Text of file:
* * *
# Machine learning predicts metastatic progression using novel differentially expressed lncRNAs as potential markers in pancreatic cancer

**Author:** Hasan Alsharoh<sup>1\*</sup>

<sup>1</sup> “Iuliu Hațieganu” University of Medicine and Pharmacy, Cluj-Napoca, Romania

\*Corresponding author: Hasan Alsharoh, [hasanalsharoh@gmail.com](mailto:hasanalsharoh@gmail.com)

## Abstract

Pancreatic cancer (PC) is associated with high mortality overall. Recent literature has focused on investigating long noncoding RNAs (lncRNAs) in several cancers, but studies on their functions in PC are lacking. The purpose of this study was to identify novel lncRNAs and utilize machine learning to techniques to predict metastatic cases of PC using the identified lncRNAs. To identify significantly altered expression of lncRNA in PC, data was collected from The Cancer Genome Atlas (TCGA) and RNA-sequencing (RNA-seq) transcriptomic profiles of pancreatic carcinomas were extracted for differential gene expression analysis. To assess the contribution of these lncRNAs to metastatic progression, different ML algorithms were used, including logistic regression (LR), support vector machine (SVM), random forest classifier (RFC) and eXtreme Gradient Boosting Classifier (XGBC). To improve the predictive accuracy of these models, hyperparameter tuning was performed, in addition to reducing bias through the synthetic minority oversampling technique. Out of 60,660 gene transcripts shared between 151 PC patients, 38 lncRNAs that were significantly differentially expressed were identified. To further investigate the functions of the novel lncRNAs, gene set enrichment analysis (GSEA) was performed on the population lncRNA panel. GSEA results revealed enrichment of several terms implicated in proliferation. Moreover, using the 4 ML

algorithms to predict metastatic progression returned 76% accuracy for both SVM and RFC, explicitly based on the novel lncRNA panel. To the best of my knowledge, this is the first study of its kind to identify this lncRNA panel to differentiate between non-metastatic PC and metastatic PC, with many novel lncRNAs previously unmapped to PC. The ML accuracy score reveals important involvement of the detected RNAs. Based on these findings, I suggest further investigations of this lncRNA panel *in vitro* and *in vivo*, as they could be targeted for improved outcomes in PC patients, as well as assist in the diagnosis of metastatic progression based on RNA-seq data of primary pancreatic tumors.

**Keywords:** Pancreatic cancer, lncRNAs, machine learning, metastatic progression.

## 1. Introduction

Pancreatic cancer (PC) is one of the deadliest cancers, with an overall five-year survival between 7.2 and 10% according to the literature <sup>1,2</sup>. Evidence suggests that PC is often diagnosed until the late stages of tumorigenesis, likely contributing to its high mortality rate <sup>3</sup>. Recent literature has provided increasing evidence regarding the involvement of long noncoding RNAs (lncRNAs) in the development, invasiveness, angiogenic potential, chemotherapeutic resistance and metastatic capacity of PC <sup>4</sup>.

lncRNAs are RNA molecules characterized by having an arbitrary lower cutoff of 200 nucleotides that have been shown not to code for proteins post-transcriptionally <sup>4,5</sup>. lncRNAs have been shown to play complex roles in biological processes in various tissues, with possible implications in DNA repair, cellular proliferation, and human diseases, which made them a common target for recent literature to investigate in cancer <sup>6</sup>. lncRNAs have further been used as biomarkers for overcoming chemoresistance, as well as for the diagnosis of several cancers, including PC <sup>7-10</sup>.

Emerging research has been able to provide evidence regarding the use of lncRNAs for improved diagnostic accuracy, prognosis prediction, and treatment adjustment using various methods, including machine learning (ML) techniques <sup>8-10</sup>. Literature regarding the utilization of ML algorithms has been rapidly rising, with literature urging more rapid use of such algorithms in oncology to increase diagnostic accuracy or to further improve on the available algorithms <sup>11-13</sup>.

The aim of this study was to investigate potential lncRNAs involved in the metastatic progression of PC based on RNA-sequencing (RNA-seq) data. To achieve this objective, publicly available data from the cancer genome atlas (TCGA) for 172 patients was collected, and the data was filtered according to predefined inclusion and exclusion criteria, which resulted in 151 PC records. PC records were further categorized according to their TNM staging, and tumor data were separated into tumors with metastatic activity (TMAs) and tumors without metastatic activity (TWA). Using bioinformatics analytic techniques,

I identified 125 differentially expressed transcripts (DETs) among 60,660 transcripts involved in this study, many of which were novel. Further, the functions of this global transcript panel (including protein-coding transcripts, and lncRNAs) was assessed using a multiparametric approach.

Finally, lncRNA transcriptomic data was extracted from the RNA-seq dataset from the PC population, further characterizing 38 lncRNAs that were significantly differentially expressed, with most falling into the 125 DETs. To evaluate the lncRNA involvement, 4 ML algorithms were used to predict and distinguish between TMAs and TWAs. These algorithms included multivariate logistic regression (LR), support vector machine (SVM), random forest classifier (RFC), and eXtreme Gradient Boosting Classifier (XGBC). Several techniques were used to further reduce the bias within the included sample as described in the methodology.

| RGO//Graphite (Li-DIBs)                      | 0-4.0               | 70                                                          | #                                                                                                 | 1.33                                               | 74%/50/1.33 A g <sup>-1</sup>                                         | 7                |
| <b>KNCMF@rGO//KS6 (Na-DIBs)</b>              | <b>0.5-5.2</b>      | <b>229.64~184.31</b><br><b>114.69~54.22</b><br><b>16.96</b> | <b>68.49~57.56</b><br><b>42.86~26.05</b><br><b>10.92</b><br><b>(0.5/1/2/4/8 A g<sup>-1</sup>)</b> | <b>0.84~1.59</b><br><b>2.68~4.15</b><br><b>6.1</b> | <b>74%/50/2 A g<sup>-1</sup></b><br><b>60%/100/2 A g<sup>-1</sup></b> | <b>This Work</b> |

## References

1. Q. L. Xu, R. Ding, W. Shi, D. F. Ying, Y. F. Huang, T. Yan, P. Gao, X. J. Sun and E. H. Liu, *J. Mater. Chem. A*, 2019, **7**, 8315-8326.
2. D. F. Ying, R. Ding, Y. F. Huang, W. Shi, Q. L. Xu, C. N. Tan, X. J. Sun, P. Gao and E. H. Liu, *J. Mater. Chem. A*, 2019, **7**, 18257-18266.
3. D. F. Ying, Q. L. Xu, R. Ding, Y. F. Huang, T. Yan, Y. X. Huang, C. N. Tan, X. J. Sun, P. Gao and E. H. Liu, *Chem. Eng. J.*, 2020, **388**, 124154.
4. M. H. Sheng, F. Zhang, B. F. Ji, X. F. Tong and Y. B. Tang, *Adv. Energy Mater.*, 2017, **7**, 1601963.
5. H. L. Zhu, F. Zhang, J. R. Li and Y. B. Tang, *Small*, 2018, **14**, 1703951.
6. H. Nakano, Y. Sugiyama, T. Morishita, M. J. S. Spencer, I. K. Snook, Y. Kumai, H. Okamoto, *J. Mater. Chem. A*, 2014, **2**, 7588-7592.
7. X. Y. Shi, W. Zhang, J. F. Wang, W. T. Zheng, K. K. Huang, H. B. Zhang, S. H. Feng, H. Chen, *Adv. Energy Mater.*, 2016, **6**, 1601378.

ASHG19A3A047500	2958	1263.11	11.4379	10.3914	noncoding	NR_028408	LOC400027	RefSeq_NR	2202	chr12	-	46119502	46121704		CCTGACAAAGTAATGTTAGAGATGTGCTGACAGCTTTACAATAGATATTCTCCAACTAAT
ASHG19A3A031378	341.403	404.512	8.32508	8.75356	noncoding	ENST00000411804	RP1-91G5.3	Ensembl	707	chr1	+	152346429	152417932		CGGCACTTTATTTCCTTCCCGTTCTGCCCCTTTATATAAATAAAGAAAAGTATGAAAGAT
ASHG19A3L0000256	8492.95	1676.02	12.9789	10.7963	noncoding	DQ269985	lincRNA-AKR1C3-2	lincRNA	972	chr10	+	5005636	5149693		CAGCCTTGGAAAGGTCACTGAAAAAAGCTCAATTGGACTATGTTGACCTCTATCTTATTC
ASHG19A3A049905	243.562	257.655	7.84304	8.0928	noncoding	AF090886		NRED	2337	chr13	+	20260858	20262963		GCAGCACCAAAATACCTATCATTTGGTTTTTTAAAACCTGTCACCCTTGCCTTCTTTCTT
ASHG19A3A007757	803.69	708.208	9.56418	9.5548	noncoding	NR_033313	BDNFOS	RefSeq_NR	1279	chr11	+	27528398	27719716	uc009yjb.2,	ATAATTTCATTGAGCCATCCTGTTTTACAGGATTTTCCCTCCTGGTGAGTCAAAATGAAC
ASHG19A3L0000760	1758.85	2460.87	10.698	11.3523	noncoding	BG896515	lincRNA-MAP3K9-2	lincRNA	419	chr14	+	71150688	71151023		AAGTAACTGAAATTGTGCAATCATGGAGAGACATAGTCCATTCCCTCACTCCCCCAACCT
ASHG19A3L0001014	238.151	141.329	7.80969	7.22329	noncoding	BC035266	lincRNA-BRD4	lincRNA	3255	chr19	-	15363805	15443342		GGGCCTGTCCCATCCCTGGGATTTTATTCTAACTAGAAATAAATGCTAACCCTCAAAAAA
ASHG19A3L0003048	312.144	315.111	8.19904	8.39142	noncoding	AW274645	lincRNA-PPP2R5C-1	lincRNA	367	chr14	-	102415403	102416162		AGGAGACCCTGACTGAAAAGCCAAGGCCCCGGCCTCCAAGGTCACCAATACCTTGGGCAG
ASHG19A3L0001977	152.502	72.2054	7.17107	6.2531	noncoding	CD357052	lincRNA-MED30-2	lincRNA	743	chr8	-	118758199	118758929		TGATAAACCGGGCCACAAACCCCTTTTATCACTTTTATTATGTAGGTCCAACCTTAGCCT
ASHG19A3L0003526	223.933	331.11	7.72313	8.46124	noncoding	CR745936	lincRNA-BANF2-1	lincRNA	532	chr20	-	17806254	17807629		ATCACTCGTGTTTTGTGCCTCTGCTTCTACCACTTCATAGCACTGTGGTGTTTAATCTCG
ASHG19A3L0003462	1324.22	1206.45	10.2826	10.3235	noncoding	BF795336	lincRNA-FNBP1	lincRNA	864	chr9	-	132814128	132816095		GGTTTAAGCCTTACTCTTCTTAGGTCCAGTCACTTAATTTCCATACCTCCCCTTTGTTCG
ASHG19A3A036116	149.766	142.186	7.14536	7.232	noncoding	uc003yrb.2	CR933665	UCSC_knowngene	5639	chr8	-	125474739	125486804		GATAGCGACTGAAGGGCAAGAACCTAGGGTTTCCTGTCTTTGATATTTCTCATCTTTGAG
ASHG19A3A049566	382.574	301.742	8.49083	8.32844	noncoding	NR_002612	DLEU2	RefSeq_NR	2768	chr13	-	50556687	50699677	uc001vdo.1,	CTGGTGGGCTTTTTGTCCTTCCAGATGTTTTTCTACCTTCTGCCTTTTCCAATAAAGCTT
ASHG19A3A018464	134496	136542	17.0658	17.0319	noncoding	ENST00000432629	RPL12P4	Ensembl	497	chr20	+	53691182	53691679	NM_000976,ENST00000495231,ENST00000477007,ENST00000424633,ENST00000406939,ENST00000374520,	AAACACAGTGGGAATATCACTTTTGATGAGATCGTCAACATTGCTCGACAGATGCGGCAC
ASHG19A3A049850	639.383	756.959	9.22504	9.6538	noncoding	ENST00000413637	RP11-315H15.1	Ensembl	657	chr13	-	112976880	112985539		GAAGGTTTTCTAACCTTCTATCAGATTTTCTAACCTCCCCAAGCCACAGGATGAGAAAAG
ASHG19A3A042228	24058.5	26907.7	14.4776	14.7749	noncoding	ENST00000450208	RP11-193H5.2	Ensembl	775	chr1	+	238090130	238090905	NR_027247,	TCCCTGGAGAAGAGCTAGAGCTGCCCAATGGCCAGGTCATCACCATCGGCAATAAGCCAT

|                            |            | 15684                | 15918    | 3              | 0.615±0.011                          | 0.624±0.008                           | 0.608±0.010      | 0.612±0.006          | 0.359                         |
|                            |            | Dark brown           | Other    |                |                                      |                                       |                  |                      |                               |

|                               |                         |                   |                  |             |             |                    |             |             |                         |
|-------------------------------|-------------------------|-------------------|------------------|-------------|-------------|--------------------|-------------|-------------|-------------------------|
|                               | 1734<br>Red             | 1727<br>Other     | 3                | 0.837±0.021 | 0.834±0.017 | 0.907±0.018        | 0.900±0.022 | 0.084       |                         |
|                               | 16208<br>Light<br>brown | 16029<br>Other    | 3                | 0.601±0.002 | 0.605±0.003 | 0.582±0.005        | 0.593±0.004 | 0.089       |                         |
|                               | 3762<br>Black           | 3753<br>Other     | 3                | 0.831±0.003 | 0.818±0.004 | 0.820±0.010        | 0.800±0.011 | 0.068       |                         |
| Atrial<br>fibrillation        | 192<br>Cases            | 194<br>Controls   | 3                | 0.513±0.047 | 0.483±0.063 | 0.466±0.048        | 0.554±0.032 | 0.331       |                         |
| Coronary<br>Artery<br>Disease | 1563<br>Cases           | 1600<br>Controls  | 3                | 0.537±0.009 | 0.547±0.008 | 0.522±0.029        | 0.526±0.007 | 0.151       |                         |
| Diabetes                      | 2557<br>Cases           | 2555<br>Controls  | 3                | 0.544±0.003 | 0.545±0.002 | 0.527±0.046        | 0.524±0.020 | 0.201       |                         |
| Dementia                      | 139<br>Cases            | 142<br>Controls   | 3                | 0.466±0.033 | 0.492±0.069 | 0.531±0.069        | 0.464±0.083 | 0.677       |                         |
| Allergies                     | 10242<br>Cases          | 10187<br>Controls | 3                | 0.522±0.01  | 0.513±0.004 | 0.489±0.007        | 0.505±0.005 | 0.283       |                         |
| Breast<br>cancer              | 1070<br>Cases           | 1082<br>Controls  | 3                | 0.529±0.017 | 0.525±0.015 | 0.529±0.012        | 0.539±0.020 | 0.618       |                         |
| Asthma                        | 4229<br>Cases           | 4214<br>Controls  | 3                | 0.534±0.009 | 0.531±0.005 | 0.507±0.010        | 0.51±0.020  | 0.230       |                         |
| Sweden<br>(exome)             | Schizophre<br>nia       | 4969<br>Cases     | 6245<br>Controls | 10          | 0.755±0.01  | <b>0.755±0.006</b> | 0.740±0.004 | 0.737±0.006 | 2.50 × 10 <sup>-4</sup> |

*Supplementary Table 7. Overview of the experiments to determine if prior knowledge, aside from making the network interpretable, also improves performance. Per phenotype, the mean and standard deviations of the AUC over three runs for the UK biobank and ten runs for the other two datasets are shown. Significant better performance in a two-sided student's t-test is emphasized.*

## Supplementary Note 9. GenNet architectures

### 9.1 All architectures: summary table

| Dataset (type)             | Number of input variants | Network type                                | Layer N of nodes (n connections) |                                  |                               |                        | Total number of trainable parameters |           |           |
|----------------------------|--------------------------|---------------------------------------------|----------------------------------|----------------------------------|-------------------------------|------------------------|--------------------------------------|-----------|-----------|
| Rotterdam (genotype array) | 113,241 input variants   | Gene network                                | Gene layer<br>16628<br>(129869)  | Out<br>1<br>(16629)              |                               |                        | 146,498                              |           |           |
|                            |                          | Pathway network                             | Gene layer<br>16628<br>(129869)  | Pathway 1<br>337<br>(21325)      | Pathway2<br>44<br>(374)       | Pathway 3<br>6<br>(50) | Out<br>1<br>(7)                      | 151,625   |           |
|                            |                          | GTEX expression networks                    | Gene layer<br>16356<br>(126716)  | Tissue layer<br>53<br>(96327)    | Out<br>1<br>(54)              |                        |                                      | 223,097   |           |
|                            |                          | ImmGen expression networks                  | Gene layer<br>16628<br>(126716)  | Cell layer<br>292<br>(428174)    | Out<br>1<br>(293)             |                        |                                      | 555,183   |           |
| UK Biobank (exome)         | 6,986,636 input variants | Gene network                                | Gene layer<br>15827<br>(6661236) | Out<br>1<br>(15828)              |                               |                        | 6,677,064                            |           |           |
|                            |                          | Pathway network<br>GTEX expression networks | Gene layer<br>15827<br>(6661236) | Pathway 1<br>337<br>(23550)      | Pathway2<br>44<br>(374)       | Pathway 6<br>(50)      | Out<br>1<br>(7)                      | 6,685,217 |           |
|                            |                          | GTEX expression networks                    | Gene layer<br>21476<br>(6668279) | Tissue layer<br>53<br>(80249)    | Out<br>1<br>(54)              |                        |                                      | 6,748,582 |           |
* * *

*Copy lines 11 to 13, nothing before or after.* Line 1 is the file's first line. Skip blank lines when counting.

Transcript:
lncRNAs are RNA molecules characterized by having an arbitrary lower cutoff of 200 nucleotides that have been shown not to code for proteins post-transcriptionally <sup>4,5</sup>. lncRNAs have been shown to play complex roles in biological processes in various tissues, with possible implications in DNA repair, cellular proliferation, and human diseases, which made them a common target for recent literature to investigate in cancer <sup>6</sup>. lncRNAs have further been used as biomarkers for overcoming chemoresistance, as well as for the diagnosis of several cancers, including PC <sup>7-10</sup>.

Emerging research has been able to provide evidence regarding the use of lncRNAs for improved diagnostic accuracy, prognosis prediction, and treatment adjustment using various methods, including machine learning (ML) techniques <sup>8-10</sup>. Literature regarding the utilization of ML algorithms has been rapidly rising, with literature urging more rapid use of such algorithms in oncology to increase diagnostic accuracy or to further improve on the available algorithms <sup>11-13</sup>.

The aim of this study was to investigate potential lncRNAs involved in the metastatic progression of PC based on RNA-sequencing (RNA-seq) data. To achieve this objective, publicly available data from the cancer genome atlas (TCGA) for 172 patients was collected, and the data was filtered according to predefined inclusion and exclusion criteria, which resulted in 151 PC records. PC records were further categorized according to their TNM staging, and tumor data were separated into tumors with metastatic activity (TMAs) and tumors without metastatic activity (TWA). Using bioinformatics analytic techniques,